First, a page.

I stepped from the driveway onto the quarry stone path leading up to the house. Smooth, odd-shaped stones lined a curving semi-circle path up to the front steps. I caught the toe of my shoe on the second stone, looking down to right myself. A memory tiptoed into my brain, and I realized I’d somehow always managed to trip over that very same stone. An old, familiar disembodied voice spoke out clearly.
“What do you see, Amy?”
I sighed. A heaviness filled my chest. I hadn't heard that voice in years. Think, Amy, since... Mom's funeral. I could almost picture my sister, Lainey, as I'd seen her last. Dressed in a long flowing black dress, a black hat tilted just a bit to the side, her brown hair ravaged by too-early graying. I wasn't ready to look up yet, nor ready to go down memory lane, so I stared at that stone step like it was the most interesting thing in the world.
I swallowed down a lump that was forming in my throat and finally picked my head up, taking a big stride forward to the next stone. From one to the next, I concentrated on the light sound of my shoes as they went click, click.
The wind rustled through the sparsely covered leaves on the old maple in the middle of the yard. A mini wind-funnel kicked up out of nowhere, spinning a plot of fallen dried leaves, and tousled them about, turning like a threadbare but multicolored merry-go-round. They swooshed and rustled, then quickly fell back to the cool, hardening earth as if they had never moved at all. The wind kicked up again, this time in the opposite direction, and swirled the leaves, covering the ring of rocks that had circled that tree for as long as I could remember.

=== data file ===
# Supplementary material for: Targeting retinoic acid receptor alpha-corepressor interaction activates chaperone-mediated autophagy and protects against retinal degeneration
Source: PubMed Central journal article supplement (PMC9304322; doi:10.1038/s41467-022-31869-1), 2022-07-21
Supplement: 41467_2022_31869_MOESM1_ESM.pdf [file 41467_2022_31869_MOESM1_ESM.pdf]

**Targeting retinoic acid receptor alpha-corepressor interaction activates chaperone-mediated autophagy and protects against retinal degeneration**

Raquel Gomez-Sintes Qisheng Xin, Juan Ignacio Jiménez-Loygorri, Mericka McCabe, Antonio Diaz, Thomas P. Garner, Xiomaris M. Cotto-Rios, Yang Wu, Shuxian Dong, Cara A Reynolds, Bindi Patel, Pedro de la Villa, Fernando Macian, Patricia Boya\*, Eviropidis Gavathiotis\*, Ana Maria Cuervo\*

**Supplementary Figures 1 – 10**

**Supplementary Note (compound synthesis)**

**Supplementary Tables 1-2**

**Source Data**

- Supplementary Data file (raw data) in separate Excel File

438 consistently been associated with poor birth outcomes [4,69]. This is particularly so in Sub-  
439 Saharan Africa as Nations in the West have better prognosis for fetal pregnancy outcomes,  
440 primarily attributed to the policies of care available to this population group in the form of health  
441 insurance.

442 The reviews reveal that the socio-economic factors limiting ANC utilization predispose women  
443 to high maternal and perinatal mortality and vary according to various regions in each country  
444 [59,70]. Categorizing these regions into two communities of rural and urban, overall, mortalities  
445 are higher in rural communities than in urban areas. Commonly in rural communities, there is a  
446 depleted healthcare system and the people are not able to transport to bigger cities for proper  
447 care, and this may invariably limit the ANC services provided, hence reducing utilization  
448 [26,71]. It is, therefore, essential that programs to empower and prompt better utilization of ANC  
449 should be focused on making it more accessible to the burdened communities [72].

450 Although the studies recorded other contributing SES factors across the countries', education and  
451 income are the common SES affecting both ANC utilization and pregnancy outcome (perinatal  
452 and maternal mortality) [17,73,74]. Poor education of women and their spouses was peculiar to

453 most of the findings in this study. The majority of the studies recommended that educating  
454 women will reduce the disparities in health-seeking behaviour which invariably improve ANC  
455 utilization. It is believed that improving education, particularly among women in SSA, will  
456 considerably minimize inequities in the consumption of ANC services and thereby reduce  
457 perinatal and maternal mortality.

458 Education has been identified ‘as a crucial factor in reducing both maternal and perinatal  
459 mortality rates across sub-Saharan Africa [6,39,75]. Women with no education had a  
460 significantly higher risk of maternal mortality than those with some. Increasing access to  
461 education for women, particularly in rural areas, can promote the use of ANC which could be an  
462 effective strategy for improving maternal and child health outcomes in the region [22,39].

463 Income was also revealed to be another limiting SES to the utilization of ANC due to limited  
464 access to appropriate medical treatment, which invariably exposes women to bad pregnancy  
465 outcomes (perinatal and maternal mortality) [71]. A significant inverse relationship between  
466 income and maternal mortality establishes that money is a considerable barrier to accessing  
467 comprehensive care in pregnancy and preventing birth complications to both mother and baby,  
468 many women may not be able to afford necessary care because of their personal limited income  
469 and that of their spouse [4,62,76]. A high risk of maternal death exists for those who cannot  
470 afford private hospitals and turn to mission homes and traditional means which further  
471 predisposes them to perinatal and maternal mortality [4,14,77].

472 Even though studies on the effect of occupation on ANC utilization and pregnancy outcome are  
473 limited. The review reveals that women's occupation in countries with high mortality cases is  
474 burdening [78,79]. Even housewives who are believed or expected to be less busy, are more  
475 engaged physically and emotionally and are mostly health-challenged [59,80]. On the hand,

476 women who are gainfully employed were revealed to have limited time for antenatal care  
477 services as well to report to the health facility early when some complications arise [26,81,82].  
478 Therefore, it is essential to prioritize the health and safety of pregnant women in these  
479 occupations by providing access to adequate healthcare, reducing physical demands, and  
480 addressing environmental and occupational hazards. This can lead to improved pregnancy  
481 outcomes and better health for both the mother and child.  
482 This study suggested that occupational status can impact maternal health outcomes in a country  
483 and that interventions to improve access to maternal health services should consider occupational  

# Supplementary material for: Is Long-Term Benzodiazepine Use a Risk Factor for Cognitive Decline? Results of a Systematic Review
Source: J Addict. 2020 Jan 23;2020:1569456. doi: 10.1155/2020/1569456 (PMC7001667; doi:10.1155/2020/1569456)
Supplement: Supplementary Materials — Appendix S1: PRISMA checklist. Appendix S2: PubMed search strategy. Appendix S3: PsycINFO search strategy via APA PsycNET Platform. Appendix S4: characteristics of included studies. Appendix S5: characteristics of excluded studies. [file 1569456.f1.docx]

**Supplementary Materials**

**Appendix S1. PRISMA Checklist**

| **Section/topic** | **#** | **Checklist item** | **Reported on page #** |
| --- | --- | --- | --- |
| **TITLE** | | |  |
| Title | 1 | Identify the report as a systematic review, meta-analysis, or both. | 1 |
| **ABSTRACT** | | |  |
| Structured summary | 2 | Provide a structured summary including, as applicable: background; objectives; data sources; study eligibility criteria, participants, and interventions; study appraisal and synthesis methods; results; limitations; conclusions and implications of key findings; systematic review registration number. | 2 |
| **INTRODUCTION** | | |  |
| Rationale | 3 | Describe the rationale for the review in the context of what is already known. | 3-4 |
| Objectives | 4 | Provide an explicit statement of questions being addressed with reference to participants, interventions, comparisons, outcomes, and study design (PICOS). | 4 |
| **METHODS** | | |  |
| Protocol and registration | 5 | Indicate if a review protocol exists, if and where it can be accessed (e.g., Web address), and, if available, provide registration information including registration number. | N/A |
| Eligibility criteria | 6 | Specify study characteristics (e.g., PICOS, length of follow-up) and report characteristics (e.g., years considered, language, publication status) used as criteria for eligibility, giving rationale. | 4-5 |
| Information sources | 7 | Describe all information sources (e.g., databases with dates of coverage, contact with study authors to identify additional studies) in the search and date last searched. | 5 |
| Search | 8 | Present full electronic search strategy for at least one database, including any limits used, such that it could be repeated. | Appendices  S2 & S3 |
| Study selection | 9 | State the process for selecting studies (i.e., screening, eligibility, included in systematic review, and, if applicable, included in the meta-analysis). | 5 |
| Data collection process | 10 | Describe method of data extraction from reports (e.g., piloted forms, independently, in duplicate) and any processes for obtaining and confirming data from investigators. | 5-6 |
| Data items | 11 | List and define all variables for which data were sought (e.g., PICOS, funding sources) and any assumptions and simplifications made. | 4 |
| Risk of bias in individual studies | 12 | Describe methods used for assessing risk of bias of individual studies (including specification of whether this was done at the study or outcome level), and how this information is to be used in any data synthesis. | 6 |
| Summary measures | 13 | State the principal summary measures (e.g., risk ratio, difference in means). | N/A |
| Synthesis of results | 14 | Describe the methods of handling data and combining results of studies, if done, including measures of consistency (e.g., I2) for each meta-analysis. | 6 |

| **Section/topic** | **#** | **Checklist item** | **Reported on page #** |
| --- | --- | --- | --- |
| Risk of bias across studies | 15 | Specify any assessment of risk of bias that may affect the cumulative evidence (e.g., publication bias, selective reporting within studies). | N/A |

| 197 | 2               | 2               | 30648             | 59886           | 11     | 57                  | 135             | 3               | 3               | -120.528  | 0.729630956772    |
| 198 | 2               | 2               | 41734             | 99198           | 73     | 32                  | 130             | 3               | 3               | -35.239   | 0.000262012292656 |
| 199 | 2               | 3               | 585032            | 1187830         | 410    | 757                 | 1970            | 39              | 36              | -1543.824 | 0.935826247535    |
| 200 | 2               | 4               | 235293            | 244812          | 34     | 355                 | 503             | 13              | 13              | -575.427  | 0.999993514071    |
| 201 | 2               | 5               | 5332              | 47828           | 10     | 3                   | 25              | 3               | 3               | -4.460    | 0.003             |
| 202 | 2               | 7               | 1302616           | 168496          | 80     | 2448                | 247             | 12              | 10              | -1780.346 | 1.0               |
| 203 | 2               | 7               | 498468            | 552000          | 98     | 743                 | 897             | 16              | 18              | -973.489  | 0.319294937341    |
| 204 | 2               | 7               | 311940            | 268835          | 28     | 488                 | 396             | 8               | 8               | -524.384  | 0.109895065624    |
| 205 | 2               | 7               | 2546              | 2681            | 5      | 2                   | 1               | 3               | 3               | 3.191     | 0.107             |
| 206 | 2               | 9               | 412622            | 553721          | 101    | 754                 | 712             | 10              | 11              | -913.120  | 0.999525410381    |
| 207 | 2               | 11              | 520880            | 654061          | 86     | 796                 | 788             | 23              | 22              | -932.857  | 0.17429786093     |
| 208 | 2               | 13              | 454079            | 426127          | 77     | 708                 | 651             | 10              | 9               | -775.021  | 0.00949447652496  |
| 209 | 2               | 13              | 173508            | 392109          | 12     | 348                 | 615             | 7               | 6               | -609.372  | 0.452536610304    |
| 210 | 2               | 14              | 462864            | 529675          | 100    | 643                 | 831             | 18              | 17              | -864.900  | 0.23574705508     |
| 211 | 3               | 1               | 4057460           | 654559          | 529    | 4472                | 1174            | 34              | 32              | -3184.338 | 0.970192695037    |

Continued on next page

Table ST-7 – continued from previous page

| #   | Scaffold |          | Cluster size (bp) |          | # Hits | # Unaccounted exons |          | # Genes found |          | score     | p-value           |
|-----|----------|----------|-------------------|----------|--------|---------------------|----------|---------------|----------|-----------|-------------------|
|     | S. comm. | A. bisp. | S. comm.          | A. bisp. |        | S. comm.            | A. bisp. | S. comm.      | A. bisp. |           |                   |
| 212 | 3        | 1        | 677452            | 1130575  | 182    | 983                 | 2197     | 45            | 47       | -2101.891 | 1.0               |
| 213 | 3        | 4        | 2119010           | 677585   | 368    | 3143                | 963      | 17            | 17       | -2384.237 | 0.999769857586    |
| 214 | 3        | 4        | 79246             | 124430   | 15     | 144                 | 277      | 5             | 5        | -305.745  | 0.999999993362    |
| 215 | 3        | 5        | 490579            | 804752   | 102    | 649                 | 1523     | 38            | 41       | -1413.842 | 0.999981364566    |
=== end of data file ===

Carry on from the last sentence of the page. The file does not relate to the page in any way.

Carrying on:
My peripheral vision narrowed, and soon all I properly saw was what was in front of me. I concentrated on the house itself. Its wood badly chipped and worn away by time and neglect. The white paint faded and dilapidated.
The sight made me suddenly tired as well. And her voice came at me again.
“What do you expect to see, Amy?”
Her words had changed a little, and so had her voice. No longer the adult at Mom's funeral, now the voice of the teenager I grew up with. Oh, Lainey. My sweet, estranged sister. I pictured her then, just a teenager, still and always my big sister. Her long brown hair flowing around her face, her glasses tilted down so she could look out over them at me like she always did when she was serious. Even though I was not ready for the memories, they were ready for me.
Until that moment, I hadn't realized how much I missed her. Hearing that voice that I grew up with. The sister who was my rock, my confidant, my best friend—until she wasn't.